Week of November 9, 2001
Week of November 9, 2001
The U.S. and China This Week
DOMESTIC: China’s Tibet Governor
Forecasts Tibet Development
SUMMARY (11/7) - The Chinese governor of Tibet, Guo
Jinlong, is forecasting major economic development of the Tibet region,
which he says will lead to social harmony. "Conditions for large numbers
of Tibetans are still quite backward," Guo said in an interview. "This
is all for the good of the people and to strengthen national unity." The
Communist Party secretary of Tibet said the Beijing government will double
its spending in Tibet from that spent over the past five years. The investment
and subsidies will make Tibet’s economy expand by more than 12 percent
a year over the next five years, Guo said, significantly eclipsing the
growth rate in the rest of China. He predicted incomes in Tibet will catch
up to the national average income level by 2012.
The Chinese government has been criticized for
not negotiating with the exiled Dalai Lama for autonomy for Tibet as well
as for enticing Han Chinese to settle in the region. The Dalai Lama, who
fled Tibet in 1959 after an uprising, is considered a separatist by the
Chinese government. Guo said "public support for the Dalai Lama has drastically
declined" and also that he is perceived by most Tibet residents as a "schemer,
a split-ist and an opportunist."
Guo also said 93% of Tibet’s population of 2.6
million people are ethnic Tibetans. Critics argue that figure does not
count many unregistered migrants in the cities and the large Chinese military
presence in Tibet.
Guo has been softer on religious issues than the
previous governor, but still maintains a ban on Party members practicing
Buddhism due to Communism’s adherence to atheism. While there is freedom
of religion and monasteries destroyed during the Cultural Revolution are
being rebuilt, the number of monks are limited and any thought to be aiding
the Dalai Lama are arrested. The Potala, the former residence of the Dalai
Lama, is a protected World Heritage Site and a major tourist attraction.
The direct payments to the government of Tibet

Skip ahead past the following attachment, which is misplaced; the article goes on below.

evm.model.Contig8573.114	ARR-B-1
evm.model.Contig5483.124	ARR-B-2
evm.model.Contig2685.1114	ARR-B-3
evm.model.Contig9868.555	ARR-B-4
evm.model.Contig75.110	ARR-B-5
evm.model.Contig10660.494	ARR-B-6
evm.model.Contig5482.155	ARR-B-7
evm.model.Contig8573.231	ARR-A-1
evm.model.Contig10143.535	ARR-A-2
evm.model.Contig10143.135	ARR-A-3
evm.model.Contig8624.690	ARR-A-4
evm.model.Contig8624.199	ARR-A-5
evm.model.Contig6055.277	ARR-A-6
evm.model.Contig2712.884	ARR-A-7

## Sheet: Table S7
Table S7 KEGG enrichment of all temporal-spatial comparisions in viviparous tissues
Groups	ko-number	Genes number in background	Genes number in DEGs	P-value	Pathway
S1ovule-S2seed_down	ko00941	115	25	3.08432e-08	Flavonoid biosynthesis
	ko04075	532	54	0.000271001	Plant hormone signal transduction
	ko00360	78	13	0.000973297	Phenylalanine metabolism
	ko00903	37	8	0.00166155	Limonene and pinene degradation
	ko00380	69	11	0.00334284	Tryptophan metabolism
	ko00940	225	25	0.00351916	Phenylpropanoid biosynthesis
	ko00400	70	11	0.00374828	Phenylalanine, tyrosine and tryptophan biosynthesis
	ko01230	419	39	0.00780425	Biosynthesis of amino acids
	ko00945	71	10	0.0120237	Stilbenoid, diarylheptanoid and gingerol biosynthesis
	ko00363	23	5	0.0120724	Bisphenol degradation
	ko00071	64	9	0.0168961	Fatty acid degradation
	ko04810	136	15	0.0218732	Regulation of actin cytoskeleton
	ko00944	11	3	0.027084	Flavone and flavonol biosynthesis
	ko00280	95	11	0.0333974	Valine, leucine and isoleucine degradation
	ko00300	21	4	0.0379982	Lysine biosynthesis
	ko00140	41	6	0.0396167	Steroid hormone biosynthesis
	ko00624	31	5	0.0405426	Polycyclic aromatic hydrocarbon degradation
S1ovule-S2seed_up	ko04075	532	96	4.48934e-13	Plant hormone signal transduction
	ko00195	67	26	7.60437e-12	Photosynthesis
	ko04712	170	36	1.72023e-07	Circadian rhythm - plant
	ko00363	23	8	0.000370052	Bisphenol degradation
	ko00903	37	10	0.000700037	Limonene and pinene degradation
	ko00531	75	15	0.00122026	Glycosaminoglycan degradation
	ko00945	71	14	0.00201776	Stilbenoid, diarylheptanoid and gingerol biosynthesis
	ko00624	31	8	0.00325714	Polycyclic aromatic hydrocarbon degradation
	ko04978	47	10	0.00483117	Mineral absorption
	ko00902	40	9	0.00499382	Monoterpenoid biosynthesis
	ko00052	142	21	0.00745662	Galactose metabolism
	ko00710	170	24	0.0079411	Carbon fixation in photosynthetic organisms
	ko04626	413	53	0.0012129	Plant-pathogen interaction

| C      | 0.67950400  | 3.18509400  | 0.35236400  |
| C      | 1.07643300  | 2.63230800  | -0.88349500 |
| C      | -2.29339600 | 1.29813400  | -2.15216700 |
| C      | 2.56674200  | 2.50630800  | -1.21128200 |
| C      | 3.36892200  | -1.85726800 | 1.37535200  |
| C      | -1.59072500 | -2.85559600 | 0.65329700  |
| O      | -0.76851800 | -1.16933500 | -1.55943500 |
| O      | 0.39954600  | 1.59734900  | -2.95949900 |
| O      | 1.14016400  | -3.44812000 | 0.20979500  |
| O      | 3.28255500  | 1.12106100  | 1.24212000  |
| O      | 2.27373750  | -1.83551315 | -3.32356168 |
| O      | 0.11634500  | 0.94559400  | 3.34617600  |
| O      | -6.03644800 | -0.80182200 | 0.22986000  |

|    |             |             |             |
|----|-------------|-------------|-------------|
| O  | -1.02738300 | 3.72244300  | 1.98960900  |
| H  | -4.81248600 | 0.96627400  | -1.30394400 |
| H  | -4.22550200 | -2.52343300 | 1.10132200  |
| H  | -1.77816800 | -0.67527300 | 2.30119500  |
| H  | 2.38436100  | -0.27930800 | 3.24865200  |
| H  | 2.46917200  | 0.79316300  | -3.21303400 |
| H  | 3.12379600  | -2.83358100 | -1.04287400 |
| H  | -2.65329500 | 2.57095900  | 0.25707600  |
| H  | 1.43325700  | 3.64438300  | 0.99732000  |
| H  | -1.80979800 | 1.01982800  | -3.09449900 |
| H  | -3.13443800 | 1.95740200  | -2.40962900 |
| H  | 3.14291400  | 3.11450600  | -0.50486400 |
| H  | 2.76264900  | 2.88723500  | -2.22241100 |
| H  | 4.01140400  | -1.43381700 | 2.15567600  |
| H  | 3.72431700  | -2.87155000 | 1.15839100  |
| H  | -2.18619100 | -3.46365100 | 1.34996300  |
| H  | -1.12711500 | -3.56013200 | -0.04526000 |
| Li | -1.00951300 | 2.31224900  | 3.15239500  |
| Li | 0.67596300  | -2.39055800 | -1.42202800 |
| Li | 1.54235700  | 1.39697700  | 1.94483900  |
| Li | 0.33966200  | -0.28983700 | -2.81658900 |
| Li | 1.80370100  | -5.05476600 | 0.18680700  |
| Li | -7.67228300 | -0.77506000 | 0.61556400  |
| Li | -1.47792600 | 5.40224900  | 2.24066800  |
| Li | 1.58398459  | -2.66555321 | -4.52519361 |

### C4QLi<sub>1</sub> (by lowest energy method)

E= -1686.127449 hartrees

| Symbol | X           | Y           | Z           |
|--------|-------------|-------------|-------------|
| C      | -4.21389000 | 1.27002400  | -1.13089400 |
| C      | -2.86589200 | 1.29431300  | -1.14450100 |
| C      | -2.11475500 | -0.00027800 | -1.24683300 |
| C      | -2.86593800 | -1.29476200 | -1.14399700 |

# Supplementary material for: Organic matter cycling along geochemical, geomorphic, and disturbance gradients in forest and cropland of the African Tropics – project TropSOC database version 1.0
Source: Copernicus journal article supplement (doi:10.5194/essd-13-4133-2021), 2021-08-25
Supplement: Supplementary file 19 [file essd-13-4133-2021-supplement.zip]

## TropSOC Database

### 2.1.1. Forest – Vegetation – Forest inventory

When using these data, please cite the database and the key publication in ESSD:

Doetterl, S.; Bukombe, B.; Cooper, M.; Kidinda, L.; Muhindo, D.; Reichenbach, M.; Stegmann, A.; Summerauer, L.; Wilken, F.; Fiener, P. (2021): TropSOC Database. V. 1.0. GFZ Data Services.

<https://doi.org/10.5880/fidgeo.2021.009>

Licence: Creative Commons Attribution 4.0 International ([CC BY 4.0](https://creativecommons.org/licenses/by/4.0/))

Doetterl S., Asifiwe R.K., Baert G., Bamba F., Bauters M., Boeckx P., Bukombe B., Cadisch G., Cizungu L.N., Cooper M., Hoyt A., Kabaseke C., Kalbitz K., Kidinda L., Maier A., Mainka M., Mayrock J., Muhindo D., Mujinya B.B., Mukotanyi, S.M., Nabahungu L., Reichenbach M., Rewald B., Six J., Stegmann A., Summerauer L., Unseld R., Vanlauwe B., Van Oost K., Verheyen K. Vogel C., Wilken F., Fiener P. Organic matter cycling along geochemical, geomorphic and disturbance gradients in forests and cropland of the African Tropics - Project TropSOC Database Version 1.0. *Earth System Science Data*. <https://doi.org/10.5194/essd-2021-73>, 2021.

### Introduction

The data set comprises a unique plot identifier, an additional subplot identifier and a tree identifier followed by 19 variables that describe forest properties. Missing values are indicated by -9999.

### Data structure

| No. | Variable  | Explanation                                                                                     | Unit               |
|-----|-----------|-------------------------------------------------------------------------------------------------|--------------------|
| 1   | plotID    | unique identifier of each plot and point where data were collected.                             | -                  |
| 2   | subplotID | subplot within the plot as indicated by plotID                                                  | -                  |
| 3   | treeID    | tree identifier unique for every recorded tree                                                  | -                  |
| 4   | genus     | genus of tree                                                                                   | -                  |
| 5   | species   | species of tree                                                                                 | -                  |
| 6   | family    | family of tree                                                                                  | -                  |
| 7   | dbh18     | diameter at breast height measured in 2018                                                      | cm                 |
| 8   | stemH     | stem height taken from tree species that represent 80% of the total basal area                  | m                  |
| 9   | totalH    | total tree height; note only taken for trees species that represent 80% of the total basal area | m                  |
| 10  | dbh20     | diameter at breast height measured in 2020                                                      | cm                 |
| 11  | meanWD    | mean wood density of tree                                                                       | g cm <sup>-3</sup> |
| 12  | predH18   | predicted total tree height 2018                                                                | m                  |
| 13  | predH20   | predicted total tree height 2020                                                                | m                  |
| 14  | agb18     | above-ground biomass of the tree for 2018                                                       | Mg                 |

over the next five years, which will provide 90% of its regular budget,
will be used for education, infrastructure projects and training. Farmers
have also been exempted from taxes that are controversial in the rest of
China, and education is free in Tibet from primary school through high
school, unlike elsewhere in China.
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DOMESTIC: Taiwan Eases Mainland
SUMMARY (11/8) - The government of Taiwan has eased
the rules for its citizens on investing in mainland China. Experts expect
the November 7 action will hasten the commercial integration of Taiwan
and the mainland, while critics in Taiwan fear that it will lead to Taiwanese
dependence on the mainland. Already, Taiwanese have invested $60 billion
in mainland China. Now rules requiring them to use loopholes to invest
are gone, as is a $50 million limit on individual investments. In addition,
Taiwanese will get automatic approval for investments under $20 million
and will be able to wire money to and from Chinese banks directly.
The move came as Taiwan prepares for membership
along with China in the World Trade Organization, which is expected to
occur this weekend at a meeting in Qatar. Tsai Ingwen, chairwoman of the
Mainland Affairs Council, said the old “no haste, be patient?policy towards
investing in the mainland was outdated. The new slogan is “aggressive opening,
effective management.?The old policy, designed by former president Lee
Teng-hui, was meant to prevent China from accessing sophisticated technology.
But with Taiwan currently experiencing economic difficulties, a committee
consisting of executives, scholars and government officials recommended
removing the restrictions. President Chen Shui-bian clearly wants the new
policy to garner him support from business leaders and others who want
to see the economy boosted. The prohibition of manufacturing notebook
PC’s and semiconductors in China was not ended, but a task force will study
what technology should be permitted into China. The task force will also
deliberate on projects of more than $20 million.
Taiwan could benefit from the new policy through
increased profits sent back; companies will be required to report earnings.
Peter Kurz, the founder of Insight Pacific, an investment research firm
in Taipei, said, "Right now, capital flows are a one-way street from Taiwan
to China. Taiwan is trying to increase the flow back."
Wang Yung-ching, a Taiwanese businessman who
supported the changes, said, "There is only one road for Taiwan to walk,
and that's the road of liberalization."
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The U.S. and China This
Last updated: October 05, 2001